For two members of the 8th Kuerassier Regiment on the 2005 tour, it was touring Helly Ravine near Fort Douaumont.  Following their visit, they questioned whether reenacting was just playing cowboys and Indians; and they had a new-found understanding of the terrible conditions for the soldiers during the Verdun battle and during the Great War in general.

Additional Information on the Guide

In addition to presenting the events and their significance, the battlefield tour guide must become quite proficient in logistics:  One has to schedule visits, hotels, bus timing, etc.  To do this, one has to know the region and its people and be able to speak the language.  One also needs to be organized, to be financially savvy and to understand how to model / consider risks.

Randal has all of these qualifications.  He has arranged many details  for the second half of the 2007 Western Front Association USA Branch’s tour and other tours.  Randal was the coordinator for the WW1HA’s 2015 Symposium in Lisle, Illinois; which featured eight speakers and almost 100 participants over two days.  Randal’s profession as a high-yield bond analyst and his work as Treasurer of the Great War Association, Chairman of the Finance Committee at his previous church and Treasurer of Troop 56 BSA Millington, NJ has also helped him develop the skills necessary.

Again, it needs to be emphasized that Randal worked with the WW1HA and its directors to plan the trip.

Take Action Today!

Please reserve your space today;  Please tell your friends about this opportunity;  and please contact Randal with any questions:  lavarennes@meuse-argonne.com or 908-451-0252.

 

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On the Meuse-Argonne battlefield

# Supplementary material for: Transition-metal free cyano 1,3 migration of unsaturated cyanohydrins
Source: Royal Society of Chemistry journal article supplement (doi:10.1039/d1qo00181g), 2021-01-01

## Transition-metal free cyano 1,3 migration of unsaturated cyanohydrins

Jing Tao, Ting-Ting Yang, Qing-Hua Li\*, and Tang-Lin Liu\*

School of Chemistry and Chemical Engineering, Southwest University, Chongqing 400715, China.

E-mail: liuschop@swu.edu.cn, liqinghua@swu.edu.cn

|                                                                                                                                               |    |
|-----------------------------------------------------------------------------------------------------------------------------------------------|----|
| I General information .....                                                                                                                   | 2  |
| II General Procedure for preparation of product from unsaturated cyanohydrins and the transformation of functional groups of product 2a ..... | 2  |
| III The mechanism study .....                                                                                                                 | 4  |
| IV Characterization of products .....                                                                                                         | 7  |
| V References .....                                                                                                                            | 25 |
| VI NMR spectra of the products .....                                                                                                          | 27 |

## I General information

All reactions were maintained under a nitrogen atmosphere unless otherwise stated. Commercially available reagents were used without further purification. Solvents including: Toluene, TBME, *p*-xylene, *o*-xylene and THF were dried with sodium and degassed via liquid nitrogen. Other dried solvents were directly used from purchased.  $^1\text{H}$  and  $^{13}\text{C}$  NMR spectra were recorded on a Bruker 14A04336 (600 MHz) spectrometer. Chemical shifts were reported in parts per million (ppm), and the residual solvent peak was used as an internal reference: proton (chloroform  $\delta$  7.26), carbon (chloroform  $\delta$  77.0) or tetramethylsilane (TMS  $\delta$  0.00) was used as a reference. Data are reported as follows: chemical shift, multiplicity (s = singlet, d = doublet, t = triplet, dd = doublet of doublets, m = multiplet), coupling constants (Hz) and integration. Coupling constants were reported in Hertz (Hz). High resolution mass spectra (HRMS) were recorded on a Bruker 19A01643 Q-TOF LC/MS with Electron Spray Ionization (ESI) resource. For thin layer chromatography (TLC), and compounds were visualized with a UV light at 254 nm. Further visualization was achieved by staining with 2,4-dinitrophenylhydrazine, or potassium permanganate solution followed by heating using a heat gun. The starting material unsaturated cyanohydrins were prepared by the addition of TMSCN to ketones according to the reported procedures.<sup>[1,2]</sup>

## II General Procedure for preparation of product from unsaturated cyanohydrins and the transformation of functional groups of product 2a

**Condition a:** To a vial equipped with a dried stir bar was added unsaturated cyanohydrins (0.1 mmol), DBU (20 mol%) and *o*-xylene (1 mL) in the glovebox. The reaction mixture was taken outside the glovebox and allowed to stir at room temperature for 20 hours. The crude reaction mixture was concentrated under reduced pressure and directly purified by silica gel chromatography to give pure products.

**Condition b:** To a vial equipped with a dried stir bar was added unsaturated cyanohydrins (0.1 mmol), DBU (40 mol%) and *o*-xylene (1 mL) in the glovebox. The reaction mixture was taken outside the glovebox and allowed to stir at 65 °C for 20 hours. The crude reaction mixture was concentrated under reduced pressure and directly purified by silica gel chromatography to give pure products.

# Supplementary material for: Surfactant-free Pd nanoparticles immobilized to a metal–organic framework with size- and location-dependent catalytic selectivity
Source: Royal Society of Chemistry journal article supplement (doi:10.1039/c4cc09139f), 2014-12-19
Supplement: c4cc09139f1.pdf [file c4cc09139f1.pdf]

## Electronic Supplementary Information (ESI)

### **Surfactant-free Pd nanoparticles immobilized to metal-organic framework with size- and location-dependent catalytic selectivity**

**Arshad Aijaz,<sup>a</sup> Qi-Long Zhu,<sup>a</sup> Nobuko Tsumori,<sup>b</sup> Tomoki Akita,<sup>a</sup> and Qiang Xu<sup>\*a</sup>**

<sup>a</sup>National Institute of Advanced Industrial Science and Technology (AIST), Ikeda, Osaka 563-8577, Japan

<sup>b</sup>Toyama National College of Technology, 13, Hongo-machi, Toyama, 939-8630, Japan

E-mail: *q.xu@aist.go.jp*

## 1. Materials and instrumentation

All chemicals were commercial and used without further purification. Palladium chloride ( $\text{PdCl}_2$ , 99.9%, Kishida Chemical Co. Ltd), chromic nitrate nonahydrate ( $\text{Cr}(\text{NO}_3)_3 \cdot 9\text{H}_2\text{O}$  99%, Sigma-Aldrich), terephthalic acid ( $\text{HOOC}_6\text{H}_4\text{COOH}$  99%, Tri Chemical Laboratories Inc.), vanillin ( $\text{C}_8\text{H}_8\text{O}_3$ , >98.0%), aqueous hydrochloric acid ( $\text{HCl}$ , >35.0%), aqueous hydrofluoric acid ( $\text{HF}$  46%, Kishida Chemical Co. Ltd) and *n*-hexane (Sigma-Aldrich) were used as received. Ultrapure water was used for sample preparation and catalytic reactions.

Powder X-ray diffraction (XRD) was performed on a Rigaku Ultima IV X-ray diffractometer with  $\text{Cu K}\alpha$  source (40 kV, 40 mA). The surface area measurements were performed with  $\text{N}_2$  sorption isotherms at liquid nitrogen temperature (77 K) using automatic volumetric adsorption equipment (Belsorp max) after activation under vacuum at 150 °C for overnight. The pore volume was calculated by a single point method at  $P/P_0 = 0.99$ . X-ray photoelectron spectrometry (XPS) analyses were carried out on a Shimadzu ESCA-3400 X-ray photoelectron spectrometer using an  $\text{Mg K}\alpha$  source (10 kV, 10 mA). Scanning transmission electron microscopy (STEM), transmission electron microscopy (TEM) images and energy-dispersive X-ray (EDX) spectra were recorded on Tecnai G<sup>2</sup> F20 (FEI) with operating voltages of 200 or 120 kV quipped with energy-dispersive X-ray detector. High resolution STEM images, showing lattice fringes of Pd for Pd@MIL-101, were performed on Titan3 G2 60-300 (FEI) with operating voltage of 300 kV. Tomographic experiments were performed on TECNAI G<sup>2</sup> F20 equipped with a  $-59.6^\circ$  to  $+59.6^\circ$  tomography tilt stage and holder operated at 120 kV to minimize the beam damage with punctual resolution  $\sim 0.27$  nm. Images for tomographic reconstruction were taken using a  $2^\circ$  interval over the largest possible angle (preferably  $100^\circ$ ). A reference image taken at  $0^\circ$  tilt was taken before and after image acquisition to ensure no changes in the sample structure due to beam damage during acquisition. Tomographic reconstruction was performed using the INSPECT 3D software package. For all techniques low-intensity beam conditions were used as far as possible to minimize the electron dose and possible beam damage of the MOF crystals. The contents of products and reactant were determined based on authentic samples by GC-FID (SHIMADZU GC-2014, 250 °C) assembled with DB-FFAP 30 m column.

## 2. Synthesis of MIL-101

The Allies, including the Americans, attacked on the Meuse-Argonne in France on Sept. 26, 1918, and fought on there till the end of the war.

One of the most famous incidents of the battle was the losing of the Lost Battalion (not a battalion and not lost, as Clive Harris, Battle Honours guide, likes to shout).

Here’s a good link about that aspect of the battle.

http://www.homeofheroes.com/wings/part1/3_lostbattalion.html

And here’s the memorial:

Lost Battalion

(OK, this is a serious story of perseverance, etc., but isn’t it amusing that there’s a memorial to the Lost Battalion marked with an arrow?)

Here is the monument to honor the American capture of the high ground at Montfaucon, about six miles from the Meuse-Argonne American Cemetery. The monument has 264 steps up to a 360-degree observation platform.

Montfaucon memorial

The memorial towers over the ruins of the church — all that is left of the village.

Ruins at Montfaucon

Welcome to Hartmannswillerkopf

Hartsmann_20 Hartsmann_14 Hartsmann_16 Hartsmann_15 Hartsmann_24 Hartsmann_25 Hartsmann_26 Hartmanns_cross1 Hartsmann_28Like Le Linge, Hartmannswillerkopf is high ground that the Germans held and the French attacked right under their noses — and under their guns. But the Germans had another advantage besides position:

Logistics.

German supplies were less than 5K away, French more than 20.

The fighting here was intense from the start of the war into 1915, when each side realized the other wasn’t going anywhere and the real action was elsewhere. The French launched major offensives at Artois and Champagne